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Elton John’s final tour at 3Arena review: ‘My 27th concert in Ireland... I will miss you’

The singer was in fine form as he brought his Farewell Yellow Brick Road tour to Dublin for a long awaited and lengthy goodbye

Elton John on stage at the 3Arena Dublin. The singer brought his Farewell Yellow Brick Road Tour to Dublin on Tuesday for the first of two sold out concerts. Photograph: Dara Mac Dónaill/The Irish Times


3Arena, Dublin

Third time’s the charm for Elton John to say goodbye to Dublin. Tuesday night’s concert, part of the 75-year-old musician’s Farewell Yellow Brick Road Tour, had been rescheduled twice, from December 2020 to 2021 and finally March 2023.

There was no support act before the sequin-clad Elton took to the keys of his grand piano just after 8pm, belting out Bennie and the Jets.

The first of two sold-out nights in the 3Arena, the gig was a long awaited and lengthy goodbye with a career-spanning set lasting just over two and a half hours.

“It’s been an awful long time since you bought these tickets,” Elton says to the crowd, blaming Covid and a hip problem. “We’re going to make up for it.”

Elton John on stage at the 3Arena Dublin on Tuesday night. Photograph: Dara Mac Dónaill/The Irish Times
A giant screen formed the back drop as Elton John performs at Dublin's 3Arena. Photograph: Dara Mac Dónaill/The Irish Times

I Guess That’s Why They Call It The Blues was followed by Border Song, dedicated to the late Aretha Franklin who once covered the song and was sung by her in her last live show, a performance for the Elton John Aids Foundation. As Elton himself said: “there aren’t many people that great”.

Tiny Dancer swayed by with the crowd enamoured. The giant flat screen forming the backdrop continued playing what seemed like short films to accompany the songs when it wasn’t showing live feeds or graphics. While the graphics were well animated and live action clips were compiled beautifully, showing an English seaside holiday or daily Los Angeles life, they at times felt like a distraction on the same stage as The Pinball Wizard.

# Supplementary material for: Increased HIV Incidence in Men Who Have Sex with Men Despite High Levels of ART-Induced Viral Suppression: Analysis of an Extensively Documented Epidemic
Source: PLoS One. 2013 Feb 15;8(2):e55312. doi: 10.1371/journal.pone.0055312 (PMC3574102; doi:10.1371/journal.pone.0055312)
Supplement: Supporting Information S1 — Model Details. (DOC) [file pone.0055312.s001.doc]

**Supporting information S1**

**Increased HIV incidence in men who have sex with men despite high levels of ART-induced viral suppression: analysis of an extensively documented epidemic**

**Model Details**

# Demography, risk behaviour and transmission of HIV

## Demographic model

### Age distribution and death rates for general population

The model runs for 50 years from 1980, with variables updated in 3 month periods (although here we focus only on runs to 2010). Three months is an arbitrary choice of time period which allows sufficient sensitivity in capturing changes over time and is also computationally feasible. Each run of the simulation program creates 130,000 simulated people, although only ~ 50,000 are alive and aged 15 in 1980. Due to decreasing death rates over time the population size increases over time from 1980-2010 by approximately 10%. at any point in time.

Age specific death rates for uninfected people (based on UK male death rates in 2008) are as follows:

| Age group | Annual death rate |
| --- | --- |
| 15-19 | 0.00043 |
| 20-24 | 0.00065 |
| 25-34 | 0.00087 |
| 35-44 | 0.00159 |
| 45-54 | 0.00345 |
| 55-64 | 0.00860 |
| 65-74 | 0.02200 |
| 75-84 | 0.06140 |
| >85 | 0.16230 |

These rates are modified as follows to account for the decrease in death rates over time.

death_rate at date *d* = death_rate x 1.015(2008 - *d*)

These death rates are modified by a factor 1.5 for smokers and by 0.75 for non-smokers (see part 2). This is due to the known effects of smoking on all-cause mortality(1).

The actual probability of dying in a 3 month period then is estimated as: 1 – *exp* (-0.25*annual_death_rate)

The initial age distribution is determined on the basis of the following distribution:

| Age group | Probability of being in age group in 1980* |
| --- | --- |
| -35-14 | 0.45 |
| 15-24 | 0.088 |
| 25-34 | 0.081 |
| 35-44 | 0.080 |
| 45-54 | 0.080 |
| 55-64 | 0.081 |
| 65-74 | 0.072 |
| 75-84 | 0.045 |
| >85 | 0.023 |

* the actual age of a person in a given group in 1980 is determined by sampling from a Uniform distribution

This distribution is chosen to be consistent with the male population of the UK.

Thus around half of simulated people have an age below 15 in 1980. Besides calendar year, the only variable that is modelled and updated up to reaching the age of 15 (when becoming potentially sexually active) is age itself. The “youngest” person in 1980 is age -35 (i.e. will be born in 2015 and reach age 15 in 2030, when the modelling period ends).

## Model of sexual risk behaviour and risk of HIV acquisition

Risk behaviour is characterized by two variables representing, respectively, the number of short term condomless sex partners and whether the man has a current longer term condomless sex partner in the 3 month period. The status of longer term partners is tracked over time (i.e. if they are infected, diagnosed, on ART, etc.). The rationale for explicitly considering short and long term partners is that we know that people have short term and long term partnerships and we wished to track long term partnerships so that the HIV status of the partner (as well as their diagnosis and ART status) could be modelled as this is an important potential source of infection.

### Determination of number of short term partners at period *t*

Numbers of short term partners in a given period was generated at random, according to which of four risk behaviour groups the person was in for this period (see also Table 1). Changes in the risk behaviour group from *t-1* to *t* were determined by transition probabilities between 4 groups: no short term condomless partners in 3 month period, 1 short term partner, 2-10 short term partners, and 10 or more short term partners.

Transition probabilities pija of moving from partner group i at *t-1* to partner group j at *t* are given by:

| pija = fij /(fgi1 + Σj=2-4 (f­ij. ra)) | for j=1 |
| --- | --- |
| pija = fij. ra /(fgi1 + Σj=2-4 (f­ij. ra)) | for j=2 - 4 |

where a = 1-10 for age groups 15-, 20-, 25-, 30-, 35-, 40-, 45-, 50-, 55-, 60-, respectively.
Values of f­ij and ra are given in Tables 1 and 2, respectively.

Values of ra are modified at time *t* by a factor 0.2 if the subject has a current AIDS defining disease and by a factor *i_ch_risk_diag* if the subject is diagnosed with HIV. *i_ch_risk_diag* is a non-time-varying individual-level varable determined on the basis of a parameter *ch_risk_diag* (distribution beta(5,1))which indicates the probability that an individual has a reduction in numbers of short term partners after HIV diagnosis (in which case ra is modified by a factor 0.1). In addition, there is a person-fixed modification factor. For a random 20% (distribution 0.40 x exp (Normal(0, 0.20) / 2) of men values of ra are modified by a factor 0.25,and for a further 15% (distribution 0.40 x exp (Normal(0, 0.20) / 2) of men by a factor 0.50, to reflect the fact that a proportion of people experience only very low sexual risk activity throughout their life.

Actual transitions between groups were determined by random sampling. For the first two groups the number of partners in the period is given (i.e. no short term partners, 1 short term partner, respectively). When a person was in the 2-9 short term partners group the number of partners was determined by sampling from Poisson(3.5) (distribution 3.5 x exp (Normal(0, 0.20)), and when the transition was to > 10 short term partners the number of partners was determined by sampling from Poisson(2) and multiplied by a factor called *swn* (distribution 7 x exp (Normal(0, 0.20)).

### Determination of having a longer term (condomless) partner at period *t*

In pictures: Elton John’s final tour live in Dublin Opens in new window ]

The main exception to this was the galactic themed backdrop for Rocket Man, the lights leaving the audience in a stadium of stars at times. The elongated version of this hit gave Elton’s band a chance to step up and allow the guitarist and percussionist some tasteful improvisation before the climax, earning them a roar of “G’wan Elton!” and one of the biggest standing ovations of the night.

The grand piano glided across the width of the stage for Candle In The Wind as Elton held court solo, before briefly disappearing for a costume change.

Elton John on stage. Photograph: Dara Mac Dónaill/The Irish Times

Little concern needs to be expressed for Elton’s abilities. Every ivory strike was pinpoint accurate, with dexterity aplenty for multiple solos. His voice, despite the decades performing on stages around the world, was clear with a strength only gained from those years of experience.

Don’t Let The Sun Go Down On Me – dedicated to U2 – a pounding rendition of The Bitch is Back and a confetti-covered Saturday Night’s Alright drove the show to an encore with Cold Heart sang to a backing track in his dressing gown.

Elton takes a moment after wrapping up Your Song, thanking the audience, seeing a family in the front row. “That’s why I’m wrapping it up. To spend more time with mine.”

“This is my sixth show in this venue, my 27th show in Ireland. Coming to Ireland has always been a pleasure ... I will miss you and your kindness. You never hear about kindness in the Daily Mail.”

Next, the Yellow Brick Road leads up Belfast on Thursday, and after that, an undoubtedly earned spot in music history.

Glen Murphy

Glen Murphy

Glen Murphy is an Irish Times journalist